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Competing Proteins Influence Strength Of Tooth Enamel

Date:
September 7, 2005
Source:
University of Southern California
Summary:
A gene critical to tooth enamel formation expresses a protein that is then cleaved into a pair of proteins with opposing functions.
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“We were able to dissect this gene into two different proteins and look at them individually,” said Michael L. Paine, USC Associates assistant professor in dentistry.
Credit: Photo Phil Channing

A gene critical to tooth formation expresses a protein that is thencleaved into two proteins with seemingly opposite functions, accordingto a USC-led team of dental researchers.

The team's study of the two proteins, dentin sialoprotein (DSP) anddentin phosphoprotein (DPP), has been accepted by the Journal ofBiological Chemistry and is available on the journal's Website.

Lead author Michael Paine of the USC School of Dentistry saidboth proteins derive from the gene for dentin sialophosphoprotein,which plays an important role in the formation of the tooth coveringsenamel and its softer internal cousin dentin.

"We were able to dissect this gene into two different proteins and look at them individually," Paine said.

The researchers conducted animal studies in which either DSP orDPP were over-expressed in forming enamel during the period of toothdevelopment. They found that over-expression of DSP increased thehardness of enamel and its rate of formation, while over-expression ofDPP created pitted and chalky enamel that was more prone to fractureand wear.

In normal teeth, DSP is expressed only in dentin and a verythin layer of enamel at the junction with dentin. This thin enamellayer also appears to be considerably harder than the bulk enamel ofteeth, Paine said. He suggested that DSP could have the potential tobecome a protective agent in dental care.

If the protein could be incorporated into the entire layer ofenamel, Paine said, "then it might act in a similar way to fluoride inwater" by making teeth harder and more resistant to decay.

Paine cautioned that, just as heavy fluoridation can weaken teeth, excessive expression of DSP could be detrimental.

"There might be a point where if you increase the hardness anymore, teeth might be too brittle."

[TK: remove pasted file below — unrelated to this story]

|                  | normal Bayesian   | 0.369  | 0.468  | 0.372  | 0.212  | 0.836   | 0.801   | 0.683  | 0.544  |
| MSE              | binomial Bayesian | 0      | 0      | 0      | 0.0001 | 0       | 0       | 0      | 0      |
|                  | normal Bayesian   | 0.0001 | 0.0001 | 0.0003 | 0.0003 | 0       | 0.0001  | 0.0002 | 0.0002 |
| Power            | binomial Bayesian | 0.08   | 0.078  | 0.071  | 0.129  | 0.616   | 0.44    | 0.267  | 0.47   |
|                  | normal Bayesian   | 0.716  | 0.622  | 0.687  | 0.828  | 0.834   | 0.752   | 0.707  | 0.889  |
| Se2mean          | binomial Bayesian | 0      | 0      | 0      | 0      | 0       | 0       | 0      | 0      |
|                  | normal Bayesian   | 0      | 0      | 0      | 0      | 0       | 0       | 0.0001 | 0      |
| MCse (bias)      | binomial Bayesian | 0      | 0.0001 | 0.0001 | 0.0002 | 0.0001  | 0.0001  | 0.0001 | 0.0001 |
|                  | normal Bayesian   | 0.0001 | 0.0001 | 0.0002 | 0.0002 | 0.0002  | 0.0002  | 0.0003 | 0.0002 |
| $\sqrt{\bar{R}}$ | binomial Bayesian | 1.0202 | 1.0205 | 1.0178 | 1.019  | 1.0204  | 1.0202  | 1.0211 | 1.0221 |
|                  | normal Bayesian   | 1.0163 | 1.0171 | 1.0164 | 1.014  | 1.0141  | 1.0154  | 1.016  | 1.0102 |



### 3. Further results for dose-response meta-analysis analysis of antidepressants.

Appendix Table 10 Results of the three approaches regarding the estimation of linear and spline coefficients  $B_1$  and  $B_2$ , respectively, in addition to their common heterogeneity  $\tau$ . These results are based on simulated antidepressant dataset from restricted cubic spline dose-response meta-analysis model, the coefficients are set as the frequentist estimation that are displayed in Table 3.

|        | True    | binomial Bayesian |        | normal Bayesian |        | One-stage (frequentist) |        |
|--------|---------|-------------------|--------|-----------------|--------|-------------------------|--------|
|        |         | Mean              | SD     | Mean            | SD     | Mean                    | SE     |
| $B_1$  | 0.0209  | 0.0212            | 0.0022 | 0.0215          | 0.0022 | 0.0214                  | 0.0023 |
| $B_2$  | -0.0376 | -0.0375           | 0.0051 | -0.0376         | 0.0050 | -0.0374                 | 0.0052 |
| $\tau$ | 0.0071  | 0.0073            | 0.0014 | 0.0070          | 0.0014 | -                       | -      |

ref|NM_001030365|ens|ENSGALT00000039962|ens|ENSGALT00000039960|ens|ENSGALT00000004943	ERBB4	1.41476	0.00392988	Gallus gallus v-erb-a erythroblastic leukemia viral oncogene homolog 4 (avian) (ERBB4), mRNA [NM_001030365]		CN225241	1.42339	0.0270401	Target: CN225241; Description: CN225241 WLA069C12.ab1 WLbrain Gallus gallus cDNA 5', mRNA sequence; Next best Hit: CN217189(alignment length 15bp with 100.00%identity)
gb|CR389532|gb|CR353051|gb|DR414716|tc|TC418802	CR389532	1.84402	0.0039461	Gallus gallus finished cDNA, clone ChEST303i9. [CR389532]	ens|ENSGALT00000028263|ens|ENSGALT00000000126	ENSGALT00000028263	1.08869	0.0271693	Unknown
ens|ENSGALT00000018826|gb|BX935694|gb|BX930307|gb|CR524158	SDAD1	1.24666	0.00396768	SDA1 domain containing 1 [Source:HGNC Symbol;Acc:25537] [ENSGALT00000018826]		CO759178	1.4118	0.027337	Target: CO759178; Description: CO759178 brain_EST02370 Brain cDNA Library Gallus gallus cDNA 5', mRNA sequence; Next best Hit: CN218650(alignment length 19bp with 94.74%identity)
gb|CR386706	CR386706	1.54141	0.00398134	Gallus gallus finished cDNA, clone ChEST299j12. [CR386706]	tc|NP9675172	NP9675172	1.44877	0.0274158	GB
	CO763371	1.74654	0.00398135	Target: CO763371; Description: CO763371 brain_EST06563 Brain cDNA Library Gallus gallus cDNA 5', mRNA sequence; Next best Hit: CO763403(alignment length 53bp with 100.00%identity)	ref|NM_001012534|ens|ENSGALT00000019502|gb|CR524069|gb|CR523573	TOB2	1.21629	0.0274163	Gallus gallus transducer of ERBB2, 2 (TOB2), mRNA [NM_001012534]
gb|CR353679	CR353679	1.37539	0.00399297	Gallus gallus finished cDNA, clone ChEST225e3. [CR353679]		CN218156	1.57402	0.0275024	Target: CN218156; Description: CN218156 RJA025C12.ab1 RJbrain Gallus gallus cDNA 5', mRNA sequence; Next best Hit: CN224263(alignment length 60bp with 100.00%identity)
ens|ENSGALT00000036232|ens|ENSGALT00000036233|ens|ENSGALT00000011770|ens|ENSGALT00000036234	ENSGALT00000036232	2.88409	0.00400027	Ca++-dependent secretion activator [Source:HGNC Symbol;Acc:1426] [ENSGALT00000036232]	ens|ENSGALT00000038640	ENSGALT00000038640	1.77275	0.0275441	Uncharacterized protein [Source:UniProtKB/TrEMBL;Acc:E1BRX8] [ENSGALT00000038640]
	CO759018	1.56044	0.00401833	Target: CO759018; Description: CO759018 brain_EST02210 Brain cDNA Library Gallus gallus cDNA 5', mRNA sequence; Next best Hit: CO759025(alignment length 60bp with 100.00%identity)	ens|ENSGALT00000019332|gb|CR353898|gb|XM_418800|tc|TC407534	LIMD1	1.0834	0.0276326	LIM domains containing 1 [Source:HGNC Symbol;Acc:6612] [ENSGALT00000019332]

While the other protein, DPP, appears to weaken enamel, it too is necessary for proper tooth formation.

"All the data suggests that it [DPP] is one of the few proteinsthat seems to be involved with the very early stages ofmineralization," Paine said.

The fine balance between DSP and DPP highlights the delicacyof the critical dentin-enamel junction, where the softer dentin isjoined securely to the outer, ceramic-like enamel covering.

Dental researchers sometimes liken dentin and enamel to a bedmattress and a glass plate, respectively, Paine said, with thedifference that the supple dentin-enamel junction prevents the enamelfrom shattering over an individual's lifetime of chewing and grinding.

The study built on the work of co-author Mary MacDougall, aformer USC researcher who in 1997 was the first to show that DSP andDPP came from the same gene.

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This research was supported by the National Institute of Dental and Craniofacial Research.


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The above post is reprinted from materials provided by University of Southern California. Note: Materials may be edited for content and length.


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University of Southern California. "Competing Proteins Influence Strength Of Tooth Enamel." ScienceDaily. ScienceDaily, 7 September 2005. <www.sciencedaily.com/releases/2005/09/050906074406.htm>.
University of Southern California. (2005, September 7). Competing Proteins Influence Strength Of Tooth Enamel. ScienceDaily. Retrieved July 7, 2015 from www.sciencedaily.com/releases/2005/09/050906074406.htm
University of Southern California. "Competing Proteins Influence Strength Of Tooth Enamel." ScienceDaily. www.sciencedaily.com/releases/2005/09/050906074406.htm (accessed July 7, 2015).

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